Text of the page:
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Coach Kim feels pressure in reclusive North Korea

Coach Kim feels pressure in reclusive North Korea

Even on the less accessible side of the 38th Parallel, North Korea coach Kim Jong Hun is feeling the pressure with the World Cup in South Africa drawing closer.
Despite guiding his unrated and unknown team through a tough qualification stage to reach the World Cup for the first time since 1966, it is still not clear if the well-dressed tactician will be in charge when North Korea opens against Brazil at Ellis Park in Johannesburg on June 15.
Reports have surfaced in the international media that Kim could be replaced by a high-profile foreigner such as former Real Madrid, Netherlands and South Korea coach Guus Hiddink.
It is a far cry from June 2009 at a silent King Fahd International Stadium in Riyadh when North Korea secured a 0-0 draw with Saudi Arabia to earn a second appearance at the sport's marquee event. It was the second greatest moment in the country's football history following the shocking 1-0 win over Italy at the 1966 World Cup, which sent the team into the quarterfinals.
The celebrations in Riyadh and then Pyongyang were dampened by October's failure to qualify for the 2010 East Asian Championships after a disappointing draw with Hong Kong.
Until that result, Kim had been highly successful with his well-organized and well-manned defense and ability to counterattack swiftly. With the natural work ethic, speed and teamwork of the North Korean players, it was enough to squeeze past Saudi Arabia and Iran in qualifying.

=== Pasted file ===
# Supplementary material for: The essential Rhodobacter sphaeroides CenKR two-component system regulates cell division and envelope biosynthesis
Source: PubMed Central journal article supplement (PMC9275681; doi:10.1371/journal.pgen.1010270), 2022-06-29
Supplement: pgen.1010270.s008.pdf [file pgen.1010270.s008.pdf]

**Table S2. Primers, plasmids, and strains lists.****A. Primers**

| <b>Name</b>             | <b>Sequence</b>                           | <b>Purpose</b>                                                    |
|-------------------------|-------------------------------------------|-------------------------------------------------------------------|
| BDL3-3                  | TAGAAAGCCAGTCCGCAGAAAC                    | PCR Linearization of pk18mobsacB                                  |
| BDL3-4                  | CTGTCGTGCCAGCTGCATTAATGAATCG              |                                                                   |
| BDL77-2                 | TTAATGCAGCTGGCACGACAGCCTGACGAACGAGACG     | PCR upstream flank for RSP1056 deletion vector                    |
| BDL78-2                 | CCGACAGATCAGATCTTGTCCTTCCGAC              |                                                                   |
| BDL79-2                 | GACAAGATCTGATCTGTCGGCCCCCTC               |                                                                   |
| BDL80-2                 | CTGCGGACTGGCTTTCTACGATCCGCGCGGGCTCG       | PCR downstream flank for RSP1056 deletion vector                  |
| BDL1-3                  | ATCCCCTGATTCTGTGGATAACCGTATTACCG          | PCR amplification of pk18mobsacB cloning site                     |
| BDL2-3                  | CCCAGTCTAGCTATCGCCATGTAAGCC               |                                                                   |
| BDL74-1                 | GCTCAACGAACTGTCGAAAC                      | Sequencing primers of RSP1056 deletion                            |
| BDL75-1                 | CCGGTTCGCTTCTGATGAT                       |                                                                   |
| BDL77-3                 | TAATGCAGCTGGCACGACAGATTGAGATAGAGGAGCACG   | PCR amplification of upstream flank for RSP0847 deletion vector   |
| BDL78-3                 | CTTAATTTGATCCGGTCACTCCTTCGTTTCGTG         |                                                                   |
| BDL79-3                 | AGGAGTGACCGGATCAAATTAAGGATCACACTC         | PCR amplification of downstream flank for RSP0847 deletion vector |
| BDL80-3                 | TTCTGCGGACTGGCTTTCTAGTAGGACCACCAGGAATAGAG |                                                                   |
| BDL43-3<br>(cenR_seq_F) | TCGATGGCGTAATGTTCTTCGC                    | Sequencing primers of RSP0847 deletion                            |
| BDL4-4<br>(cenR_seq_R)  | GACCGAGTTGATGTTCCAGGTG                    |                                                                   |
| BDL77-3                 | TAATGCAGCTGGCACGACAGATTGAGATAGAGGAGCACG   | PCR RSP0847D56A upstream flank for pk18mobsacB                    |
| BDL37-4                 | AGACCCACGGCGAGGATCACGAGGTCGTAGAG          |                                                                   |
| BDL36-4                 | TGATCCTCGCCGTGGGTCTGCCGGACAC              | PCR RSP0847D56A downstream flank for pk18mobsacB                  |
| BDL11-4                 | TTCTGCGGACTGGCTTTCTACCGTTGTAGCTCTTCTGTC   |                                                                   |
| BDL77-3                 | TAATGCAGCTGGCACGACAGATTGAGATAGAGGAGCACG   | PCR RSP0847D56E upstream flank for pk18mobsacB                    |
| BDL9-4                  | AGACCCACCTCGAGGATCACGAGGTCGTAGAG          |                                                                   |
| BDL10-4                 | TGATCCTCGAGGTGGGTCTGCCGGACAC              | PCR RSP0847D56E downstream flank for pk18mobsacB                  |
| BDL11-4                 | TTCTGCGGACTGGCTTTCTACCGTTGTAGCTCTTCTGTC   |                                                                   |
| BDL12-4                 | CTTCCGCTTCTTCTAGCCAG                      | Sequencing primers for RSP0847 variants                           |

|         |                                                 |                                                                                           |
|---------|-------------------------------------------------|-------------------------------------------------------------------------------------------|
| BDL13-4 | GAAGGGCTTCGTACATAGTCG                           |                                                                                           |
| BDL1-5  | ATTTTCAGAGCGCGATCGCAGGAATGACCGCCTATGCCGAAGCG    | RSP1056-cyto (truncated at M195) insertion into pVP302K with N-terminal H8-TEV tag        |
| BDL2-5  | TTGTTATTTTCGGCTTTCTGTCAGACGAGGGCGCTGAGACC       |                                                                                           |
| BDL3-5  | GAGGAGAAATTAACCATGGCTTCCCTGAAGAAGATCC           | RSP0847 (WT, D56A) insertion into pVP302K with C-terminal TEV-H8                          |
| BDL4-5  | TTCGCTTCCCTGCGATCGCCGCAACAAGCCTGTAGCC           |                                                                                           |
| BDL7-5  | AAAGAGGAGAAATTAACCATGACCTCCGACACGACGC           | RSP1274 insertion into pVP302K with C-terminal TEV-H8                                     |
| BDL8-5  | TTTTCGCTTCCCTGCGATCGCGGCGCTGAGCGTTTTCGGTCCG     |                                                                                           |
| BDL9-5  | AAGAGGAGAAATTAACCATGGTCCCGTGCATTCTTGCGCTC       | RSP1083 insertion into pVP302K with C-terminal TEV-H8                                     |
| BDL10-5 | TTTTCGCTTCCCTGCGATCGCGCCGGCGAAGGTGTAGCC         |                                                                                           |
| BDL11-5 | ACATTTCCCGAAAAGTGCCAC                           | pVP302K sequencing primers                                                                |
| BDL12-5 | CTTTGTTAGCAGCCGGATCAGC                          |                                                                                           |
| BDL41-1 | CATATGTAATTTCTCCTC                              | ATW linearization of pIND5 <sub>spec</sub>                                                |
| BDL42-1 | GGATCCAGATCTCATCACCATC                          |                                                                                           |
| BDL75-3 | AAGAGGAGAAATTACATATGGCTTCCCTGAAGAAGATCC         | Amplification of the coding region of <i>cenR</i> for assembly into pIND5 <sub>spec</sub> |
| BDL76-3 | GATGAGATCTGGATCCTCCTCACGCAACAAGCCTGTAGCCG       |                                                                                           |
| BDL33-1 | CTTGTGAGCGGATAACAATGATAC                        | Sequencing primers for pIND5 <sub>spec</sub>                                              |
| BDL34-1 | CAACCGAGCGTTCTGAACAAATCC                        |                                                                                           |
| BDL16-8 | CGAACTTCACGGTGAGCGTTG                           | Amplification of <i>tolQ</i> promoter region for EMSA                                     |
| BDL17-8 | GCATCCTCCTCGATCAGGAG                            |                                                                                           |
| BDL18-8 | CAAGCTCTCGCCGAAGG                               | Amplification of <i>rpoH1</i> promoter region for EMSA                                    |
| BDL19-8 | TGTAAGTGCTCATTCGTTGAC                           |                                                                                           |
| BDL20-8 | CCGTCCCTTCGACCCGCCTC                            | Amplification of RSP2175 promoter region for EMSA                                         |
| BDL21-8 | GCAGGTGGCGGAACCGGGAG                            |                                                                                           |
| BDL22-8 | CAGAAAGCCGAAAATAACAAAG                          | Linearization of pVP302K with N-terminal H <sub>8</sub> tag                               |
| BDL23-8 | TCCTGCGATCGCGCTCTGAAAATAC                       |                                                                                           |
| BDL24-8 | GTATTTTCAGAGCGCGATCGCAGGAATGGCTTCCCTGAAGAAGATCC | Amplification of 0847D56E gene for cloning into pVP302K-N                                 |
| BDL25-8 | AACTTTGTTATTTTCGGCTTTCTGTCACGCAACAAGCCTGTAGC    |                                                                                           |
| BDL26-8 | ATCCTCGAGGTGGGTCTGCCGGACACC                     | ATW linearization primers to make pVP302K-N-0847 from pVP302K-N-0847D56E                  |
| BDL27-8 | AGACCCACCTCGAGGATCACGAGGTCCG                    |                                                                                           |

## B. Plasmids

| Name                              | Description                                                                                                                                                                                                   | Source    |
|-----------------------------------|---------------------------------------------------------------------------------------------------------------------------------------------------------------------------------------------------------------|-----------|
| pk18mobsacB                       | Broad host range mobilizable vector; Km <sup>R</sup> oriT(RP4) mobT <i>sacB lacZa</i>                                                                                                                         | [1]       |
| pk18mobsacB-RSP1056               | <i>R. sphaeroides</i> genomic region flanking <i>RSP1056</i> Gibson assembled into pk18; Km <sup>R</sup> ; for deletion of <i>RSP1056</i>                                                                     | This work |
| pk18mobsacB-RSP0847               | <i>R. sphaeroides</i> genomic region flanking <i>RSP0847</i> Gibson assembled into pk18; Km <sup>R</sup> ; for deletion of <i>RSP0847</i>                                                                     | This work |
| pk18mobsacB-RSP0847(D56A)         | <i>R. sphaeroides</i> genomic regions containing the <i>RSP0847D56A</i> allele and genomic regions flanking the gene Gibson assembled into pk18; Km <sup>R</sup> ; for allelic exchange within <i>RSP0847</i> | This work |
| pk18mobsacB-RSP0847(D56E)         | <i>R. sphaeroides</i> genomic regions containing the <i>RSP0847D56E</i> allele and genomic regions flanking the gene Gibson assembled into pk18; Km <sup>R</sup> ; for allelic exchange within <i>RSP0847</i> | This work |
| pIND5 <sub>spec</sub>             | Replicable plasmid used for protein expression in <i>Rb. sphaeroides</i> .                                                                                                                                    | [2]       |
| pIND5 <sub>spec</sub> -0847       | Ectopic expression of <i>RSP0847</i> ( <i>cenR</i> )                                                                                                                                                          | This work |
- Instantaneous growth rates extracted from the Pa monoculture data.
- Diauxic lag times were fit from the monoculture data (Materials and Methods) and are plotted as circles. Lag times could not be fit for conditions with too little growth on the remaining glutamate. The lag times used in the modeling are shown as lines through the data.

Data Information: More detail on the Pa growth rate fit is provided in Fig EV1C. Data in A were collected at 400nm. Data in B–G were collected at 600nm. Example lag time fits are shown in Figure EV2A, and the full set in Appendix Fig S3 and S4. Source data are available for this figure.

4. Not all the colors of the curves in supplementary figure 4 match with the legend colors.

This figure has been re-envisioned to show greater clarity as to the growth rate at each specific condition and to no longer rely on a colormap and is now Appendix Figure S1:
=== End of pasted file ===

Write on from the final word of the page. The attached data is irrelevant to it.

"We are playing football made of speed and good technique combined to the standards of the modern game, which include a great physical strength," Kim said. "Our spirit became the unifying force of the team and inspired the players. These factors were the biggest advantages we enjoyed throughout the qualifying campaign.
"While the global trend is attacking football, we stick to our largely defensively strategy with the 5-4-1 formation, mainly because this is the tactic which best suits our players."
Against weaker teams, North Korea can struggle to take the initiative, but one positive for the 1966 quarterfinalists is that being drawn in the toughest group in South Africa with Brazil, Portugal and Ivory Coast means that North Korea can play its natural game and sit back.
Despite his calm exterior Kim can be bristly. After a controversial 1-0 loss to South Korea in Seoul in April 2009, the coach complained that his players had been poisoned by the hosts and that a header from striker Jong Tae-se had crossed the line before being saved by goalkeeper Lee Woon-jae.
Kim later refused to take questions from surprised local reporters and then stormed out flanked by a posse of suited officials.
His team displays a similar passion and neither coach nor players will give less than 100 percent in South Africa.


Updated : 2021-03-09 12:22 GMT+08:00